In the days before the meeting I was left anxious and worried. No one had clearly told me WHY we were scrutinising this situation. WHY i had to justify myself for what seemed such a small parenting decision for a child that age. I lost sleep and my GP increased my anti depressants as this was the last straw in what i could cope with as a mum looking after her disabled child full time on just a few hours sleep a night. It broke me.

The day of the meeting arrived. As we walked in I apologised to one of the teachers that they were being removed from teaching their class on the last day of term to discussing the use of stair gates in my home. Farce no longer seemed like a suitable word. Circus was probably more appropriate. The meeting began and I presented our reasons for using the stair gates to a room full of people. I was on trial. Again. Judge, jury and executioner sitting in that room staring at me. And then my husband asked the million dollar question, “does anyone here have any concerns about our parenting?”. Silence. So if the answer is no, why are we here?? Why have we been summoned?! And then, only them, were the reasons for the meeting finally explained. In simple terms it was this.

1. It has now become standard practice to examine the use of any equipment which is considered a restraint just to make sure the child is safe and is able to enjoy life without having their dignity, liberty and freedom removed.

2. They are spending public money. Everything must be scrutinised and justified.

Yep. Both reasons that were totally acceptable. BUT, the way it was handled, they way we were summoned and the way not even the professionals who attended knew why we were there was not acceptable. Absolutely not. It was stressful, it was confusing, it was demoralising and it was enough to destroy the last bit of positivity I had in the services that supposedly were there to “support” me. I was broken.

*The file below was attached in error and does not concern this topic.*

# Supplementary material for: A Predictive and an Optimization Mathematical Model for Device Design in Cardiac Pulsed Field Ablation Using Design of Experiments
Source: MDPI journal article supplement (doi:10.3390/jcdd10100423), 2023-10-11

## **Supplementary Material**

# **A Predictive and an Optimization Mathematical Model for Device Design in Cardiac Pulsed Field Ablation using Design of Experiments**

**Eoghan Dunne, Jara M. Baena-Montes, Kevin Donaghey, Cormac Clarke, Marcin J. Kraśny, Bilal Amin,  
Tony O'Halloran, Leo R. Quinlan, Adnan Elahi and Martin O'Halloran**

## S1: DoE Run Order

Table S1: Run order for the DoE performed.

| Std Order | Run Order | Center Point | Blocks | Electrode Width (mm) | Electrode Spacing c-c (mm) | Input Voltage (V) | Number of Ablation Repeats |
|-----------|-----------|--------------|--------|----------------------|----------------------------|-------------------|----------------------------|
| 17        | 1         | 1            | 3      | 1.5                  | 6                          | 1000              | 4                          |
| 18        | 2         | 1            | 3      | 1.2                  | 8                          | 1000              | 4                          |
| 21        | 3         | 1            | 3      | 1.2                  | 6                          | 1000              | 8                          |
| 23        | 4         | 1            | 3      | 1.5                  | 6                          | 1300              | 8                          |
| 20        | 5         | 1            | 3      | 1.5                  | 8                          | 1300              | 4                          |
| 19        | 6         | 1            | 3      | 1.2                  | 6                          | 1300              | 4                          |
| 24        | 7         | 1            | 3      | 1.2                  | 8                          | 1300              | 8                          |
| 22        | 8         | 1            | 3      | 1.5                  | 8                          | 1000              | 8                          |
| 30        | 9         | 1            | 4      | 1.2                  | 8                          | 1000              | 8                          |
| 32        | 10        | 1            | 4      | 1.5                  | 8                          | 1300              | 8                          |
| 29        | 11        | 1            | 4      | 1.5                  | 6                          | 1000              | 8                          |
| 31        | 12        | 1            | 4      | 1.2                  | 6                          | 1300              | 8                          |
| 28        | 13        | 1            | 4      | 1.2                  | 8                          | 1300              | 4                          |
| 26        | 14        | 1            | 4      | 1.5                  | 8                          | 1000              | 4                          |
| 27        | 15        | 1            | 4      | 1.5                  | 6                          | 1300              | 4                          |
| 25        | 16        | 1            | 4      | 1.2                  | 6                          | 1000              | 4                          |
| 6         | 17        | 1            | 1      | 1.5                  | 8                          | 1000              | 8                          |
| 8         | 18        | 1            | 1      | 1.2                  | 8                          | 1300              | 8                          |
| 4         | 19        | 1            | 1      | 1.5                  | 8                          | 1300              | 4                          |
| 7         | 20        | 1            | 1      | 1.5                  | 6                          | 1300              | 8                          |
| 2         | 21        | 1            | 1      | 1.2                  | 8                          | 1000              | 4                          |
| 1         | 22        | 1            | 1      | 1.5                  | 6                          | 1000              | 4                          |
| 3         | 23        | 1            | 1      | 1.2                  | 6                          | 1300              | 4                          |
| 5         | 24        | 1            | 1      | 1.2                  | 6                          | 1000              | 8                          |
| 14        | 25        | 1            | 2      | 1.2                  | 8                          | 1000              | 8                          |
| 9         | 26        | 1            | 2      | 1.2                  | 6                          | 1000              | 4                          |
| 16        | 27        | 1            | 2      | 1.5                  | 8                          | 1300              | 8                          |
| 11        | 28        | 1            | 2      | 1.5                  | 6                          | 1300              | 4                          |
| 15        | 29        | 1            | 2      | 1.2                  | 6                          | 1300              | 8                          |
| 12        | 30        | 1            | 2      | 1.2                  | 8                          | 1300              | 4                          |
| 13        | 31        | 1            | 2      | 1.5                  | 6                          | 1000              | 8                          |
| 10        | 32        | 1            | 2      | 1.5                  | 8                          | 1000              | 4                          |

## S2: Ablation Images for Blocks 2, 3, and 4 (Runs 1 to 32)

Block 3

The result of the meeting was that we would receive a full OT assessment for kiddo’s needs. Whilst this was positive, I didn’t feel like it was positive. I felt like I was about to be scrutinised yet again. An application would also be going to the Good Practice committee to get approval for us to use our stair gates and our car seat. Whilst I totally understand why that committee is there and can see very useful benefits, I still do not understand why on earth we are being reviewed when kiddo is only four, an age where many parents of neurotypical children would still use stair gates.

To me this whole scenario has seemed excessive, almost to the point of harassment. It has pushed me further away from the professionals I have to collaborate with (except my LD nurse who quite frankly stopped me from having a breakdown) and will make me question even more whether asking for help is worth the hassle in the future. Perhaps this is what services want, to reduce the need. Or maybe it will one day lead to a disaster that could have been prevented all because a parent couldn’t face the idea of being scrutinised once again.

If you’re a professional reading this, i urge you to consider the effect a lack of communication has on a family. Simply telling them not to worry is not enough. Families are operating on little sleep, high levels of stress and challenges every day that they don’t have the energy to face. They need you. They need your help and support. It was mentioned in our meeting that it has made one of the staff members think about the channels they use to conduct this type of work. I really hope it has because the level of bureaucracy and the misunderstandings caused by this meeting have zapped my energy and, quite frankly, my spark. That little glow of light I had in the pit of my stomach that was there for when kiddo needed it most.

And to anyone who thinks families like mine simply get handed whatever they need, you could not be more wrong.

Thanks for reading,

Danielle